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Status and Conservation Efforts of Ashy Storm on the Farallon Islands.

Abstract

The Ashy Storm-Petrel (Oceanodroma homochroa) is one of the least known seabird species because of its crevice-nesting and nocturnal habits. The Farallon National Wildlife Refuge supports the largest population of Ashy Storm-Petrels. Results from a capture-recapture study indicate that the population of Ashy storm-petrels on the Farallon Islands has declined almost 40% in 20 years and predicts that the population will continue to decline at a rate of almost 3% per year. Reasons for this decline include predation by gulls, mice, and owls. Current conservation efforts include studies to better document predation on Ashys, efforts to exclude gulls from Ashy nesting habitat, and a combination of artificial nesting boxes and playback systems to promote the recovery of this seabird species.

Introduction

The Ashy storm-petrel (Oceanodroma homochroa) is a small seabird, weighing approximately 42 grams and just over seven inches in length. This species belongs to the order Procellariiformes, the same group as albatrosses, shearwaters, and fulmars. Storm-petrels are the smallest members of this group, and because they are mostly nocturnal in their breeding activities, are amongst some of the least known seabird species. Ashy storm-petrels nest in rock walls and crevices and have a limited breeding range, primarily on islands off the coast of central and southern California, and in smaller numbers on Islas Los Coronados, Mexico. The Farallon Islands, located 27 miles west of San Francisco, hosts the most significant proportion of this seabird population. Ashy storm-petrels have an extended breeding season, lasting six months or more, during which time a single chick is raised.

The Farallon National Wildlife Refuge supports the largest breeding population for the Ashy Storm-Petrel and its native predator, the Western Gull. Ten additional seabird species breed on the Farallon Islands, totaling approximately 200,000 nesting seabirds. Such a large assemblage is remarkable for this small group of islands, which together comprise approximately 120 acres. Since its declaration as a National Wildlife Refuge in 1909, the U.S. Fish and Wildlife Service have managed the Farallon Islands.

Population in decline

It is believed that the Southeast Farallon Islands supports between 50 - 70% of the world population of Ashys. Under a cooperative agreement with USFWS since 1969, Point Reyes Bird Observatory (PRBO) has been conducting long-term monitoring of this population. Results from capture-recapture studies indicates that the population has declined almost 40% in 20 years from an estimated 3,500 - 4,000 breeding birds in 1972 to approximately 2,000 - 2,400 birds in 1992. Furthermore, demographic modeling predicts that the Ashy population will continue to decline at a rate of almost 3% per year. Currently, there is no official listing for the Ashy stormpetrel under the Endangered Species Act, although it has been designated a species of special concern by the State of California and species of management concern by the U.S. Fish and Wildlife Service.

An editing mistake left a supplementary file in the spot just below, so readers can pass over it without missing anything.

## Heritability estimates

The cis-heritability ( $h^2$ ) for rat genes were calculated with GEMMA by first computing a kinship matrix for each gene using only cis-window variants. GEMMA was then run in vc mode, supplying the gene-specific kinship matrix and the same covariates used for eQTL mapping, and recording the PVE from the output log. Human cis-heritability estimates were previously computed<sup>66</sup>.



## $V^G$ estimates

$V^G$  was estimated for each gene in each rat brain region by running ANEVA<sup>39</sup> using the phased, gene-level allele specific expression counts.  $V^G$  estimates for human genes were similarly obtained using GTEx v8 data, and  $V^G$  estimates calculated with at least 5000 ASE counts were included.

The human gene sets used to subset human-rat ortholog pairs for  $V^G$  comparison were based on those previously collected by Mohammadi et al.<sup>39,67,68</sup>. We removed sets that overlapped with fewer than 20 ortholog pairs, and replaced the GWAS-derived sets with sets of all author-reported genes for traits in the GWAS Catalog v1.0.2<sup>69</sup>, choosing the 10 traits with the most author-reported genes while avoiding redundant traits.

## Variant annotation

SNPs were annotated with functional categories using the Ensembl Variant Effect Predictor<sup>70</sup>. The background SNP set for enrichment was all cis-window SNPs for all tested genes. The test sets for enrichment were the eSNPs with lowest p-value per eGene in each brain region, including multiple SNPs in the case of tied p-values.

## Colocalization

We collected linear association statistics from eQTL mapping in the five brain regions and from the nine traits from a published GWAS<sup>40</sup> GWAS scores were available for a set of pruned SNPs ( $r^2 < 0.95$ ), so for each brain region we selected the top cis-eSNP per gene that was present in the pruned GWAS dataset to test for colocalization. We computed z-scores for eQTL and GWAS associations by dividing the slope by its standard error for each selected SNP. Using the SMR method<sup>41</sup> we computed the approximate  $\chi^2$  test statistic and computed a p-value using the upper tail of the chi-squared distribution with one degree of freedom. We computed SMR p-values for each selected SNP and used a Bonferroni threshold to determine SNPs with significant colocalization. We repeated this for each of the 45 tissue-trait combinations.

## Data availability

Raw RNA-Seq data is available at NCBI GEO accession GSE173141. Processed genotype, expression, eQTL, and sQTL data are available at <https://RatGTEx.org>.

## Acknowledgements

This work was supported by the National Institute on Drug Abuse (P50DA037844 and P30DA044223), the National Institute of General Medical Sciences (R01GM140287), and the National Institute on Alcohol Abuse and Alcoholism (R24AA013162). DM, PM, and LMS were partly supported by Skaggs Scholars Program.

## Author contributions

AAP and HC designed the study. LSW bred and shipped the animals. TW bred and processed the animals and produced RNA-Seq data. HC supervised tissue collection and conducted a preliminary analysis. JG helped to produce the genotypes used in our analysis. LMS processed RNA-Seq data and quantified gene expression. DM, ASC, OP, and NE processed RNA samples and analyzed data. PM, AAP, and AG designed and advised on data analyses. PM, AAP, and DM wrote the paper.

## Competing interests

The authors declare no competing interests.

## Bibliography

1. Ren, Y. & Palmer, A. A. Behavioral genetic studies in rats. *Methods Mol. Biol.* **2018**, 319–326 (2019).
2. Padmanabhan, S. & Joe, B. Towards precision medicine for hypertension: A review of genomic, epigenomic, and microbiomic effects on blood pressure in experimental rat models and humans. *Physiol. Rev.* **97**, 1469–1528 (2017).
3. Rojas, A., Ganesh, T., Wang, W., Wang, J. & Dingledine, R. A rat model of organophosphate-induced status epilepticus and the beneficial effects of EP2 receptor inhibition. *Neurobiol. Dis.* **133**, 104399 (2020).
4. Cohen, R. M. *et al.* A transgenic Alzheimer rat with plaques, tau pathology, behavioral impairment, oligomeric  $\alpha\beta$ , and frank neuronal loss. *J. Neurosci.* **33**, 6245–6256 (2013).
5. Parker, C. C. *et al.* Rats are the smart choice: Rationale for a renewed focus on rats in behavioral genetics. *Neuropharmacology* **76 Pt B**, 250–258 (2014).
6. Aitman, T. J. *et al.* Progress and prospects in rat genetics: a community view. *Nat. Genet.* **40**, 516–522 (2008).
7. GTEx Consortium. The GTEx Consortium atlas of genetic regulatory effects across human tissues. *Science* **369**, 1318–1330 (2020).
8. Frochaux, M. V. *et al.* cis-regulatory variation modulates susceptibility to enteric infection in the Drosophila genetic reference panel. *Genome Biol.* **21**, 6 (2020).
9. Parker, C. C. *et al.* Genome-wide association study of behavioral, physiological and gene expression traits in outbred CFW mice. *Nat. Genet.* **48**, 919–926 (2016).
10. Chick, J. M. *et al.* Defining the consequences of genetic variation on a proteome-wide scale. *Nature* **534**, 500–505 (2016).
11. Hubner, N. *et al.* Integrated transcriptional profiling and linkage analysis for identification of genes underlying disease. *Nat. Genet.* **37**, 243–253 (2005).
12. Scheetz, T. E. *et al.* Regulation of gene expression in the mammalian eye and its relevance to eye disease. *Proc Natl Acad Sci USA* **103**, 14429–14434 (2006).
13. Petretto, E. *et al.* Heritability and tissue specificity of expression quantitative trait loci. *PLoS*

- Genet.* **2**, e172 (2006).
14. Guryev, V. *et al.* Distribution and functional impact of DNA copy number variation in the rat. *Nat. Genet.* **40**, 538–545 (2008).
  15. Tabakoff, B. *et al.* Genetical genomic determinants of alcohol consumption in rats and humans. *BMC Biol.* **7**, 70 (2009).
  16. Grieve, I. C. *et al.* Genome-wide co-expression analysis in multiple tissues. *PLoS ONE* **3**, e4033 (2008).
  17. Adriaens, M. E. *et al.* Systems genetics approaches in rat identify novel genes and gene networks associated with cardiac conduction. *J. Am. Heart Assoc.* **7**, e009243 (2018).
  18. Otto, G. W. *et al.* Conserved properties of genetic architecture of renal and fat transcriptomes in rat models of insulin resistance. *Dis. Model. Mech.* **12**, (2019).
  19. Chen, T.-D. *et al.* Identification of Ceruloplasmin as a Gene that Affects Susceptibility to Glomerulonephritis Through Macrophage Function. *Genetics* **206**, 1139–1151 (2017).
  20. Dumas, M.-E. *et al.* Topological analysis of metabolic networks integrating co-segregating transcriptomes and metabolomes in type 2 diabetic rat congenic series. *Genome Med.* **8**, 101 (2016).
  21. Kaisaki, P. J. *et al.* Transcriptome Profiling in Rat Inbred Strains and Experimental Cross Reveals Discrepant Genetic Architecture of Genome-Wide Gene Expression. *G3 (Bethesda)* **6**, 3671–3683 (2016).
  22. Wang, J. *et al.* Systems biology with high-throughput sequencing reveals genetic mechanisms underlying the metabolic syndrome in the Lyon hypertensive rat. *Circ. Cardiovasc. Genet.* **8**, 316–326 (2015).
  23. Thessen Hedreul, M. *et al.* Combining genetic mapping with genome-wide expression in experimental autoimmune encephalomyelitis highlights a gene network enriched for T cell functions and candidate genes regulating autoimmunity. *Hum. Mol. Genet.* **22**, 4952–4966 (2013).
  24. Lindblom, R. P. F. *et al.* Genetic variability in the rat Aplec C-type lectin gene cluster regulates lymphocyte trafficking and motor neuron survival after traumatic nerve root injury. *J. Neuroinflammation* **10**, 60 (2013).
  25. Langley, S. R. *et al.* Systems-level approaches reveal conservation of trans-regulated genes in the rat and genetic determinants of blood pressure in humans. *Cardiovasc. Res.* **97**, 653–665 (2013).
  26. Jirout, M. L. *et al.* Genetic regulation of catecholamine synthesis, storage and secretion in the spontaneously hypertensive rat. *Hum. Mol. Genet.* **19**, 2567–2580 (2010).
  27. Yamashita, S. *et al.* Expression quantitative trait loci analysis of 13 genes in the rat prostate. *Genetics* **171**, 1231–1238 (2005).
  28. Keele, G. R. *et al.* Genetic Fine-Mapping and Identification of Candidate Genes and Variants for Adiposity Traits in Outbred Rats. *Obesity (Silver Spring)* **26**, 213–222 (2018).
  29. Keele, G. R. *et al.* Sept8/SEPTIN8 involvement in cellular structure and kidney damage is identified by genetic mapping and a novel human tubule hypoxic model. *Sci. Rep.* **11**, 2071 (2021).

Threats to reproduction

Several possible explanations exist for the population decline of Ashy storm-petrels on the Farallon Islands. One of the largest densities of Ashy storm-petrels on the Farallon Islands is on the south-facing slope of the hill where the lighthouse is located. Until recently, Western Gulls did not nest in these areas. In the 1980s however, gulls expanded their breeding range to include this prime petrel habitat. As a result, petrel remains are commonly encountered on the slopes of this hill. Although Western Gulls are native on the island, their population has been increasing as a result of the activities of man. In an attempt to discourage gulls from nesting in areas important for Ashy storm-petrels, USFWS constructed gull exclosures consisting of a system of cables strung between poles. Other avian predators of Ashys include Burrowing Owls, which are resident on the island in the fall, winter, and spring.

Another possible threat to the breeding Ashy population is the presence of the introduced House mouse (Mus musculus), which is capable of entering crevices and taking eggs and even small chicks. On other islands, introduced animals have had devastating effects on seabird populations. Currently, it is unknown what impact mice have on the Ashy population, although plans to document mouse and gull predation on Ashys are underway.

Conservation efforts

Artificial nesting boxes have been successfully used as tools for aiding in the restoration of seabird populations on the Farallones and elsewhere for seabirds such as Cassin's Auklets, Rhinoceros Auklets, Tufted Puffins, and Pigeon Guillemots. Social attraction is based on vocalization playback of the species that is being attracted and has also been a successful tool for bringing seabirds to nesting areas. To increase good "Ashy habitat" on the Farallones and to promote the recovery of this species, a combination of nesting boxes and vocalization playback has been implemented. Future plans include continuing to develop effective methods of decreasing gull densities in areas of important Ashy habitat, as well as better documentation of Ashy storm-petrel predation and predators, in an attempt to preserve this unique and beautiful seabird species.

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Kyra L. Mills Point Reyes Bird Observatory, Stinson Beach, CA 94970; kyramills@prbo.org
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Article Details
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Author:Mills, Kyra L.
Publication:Endangered Species Update
Date:Sep 1, 2000
Words:839
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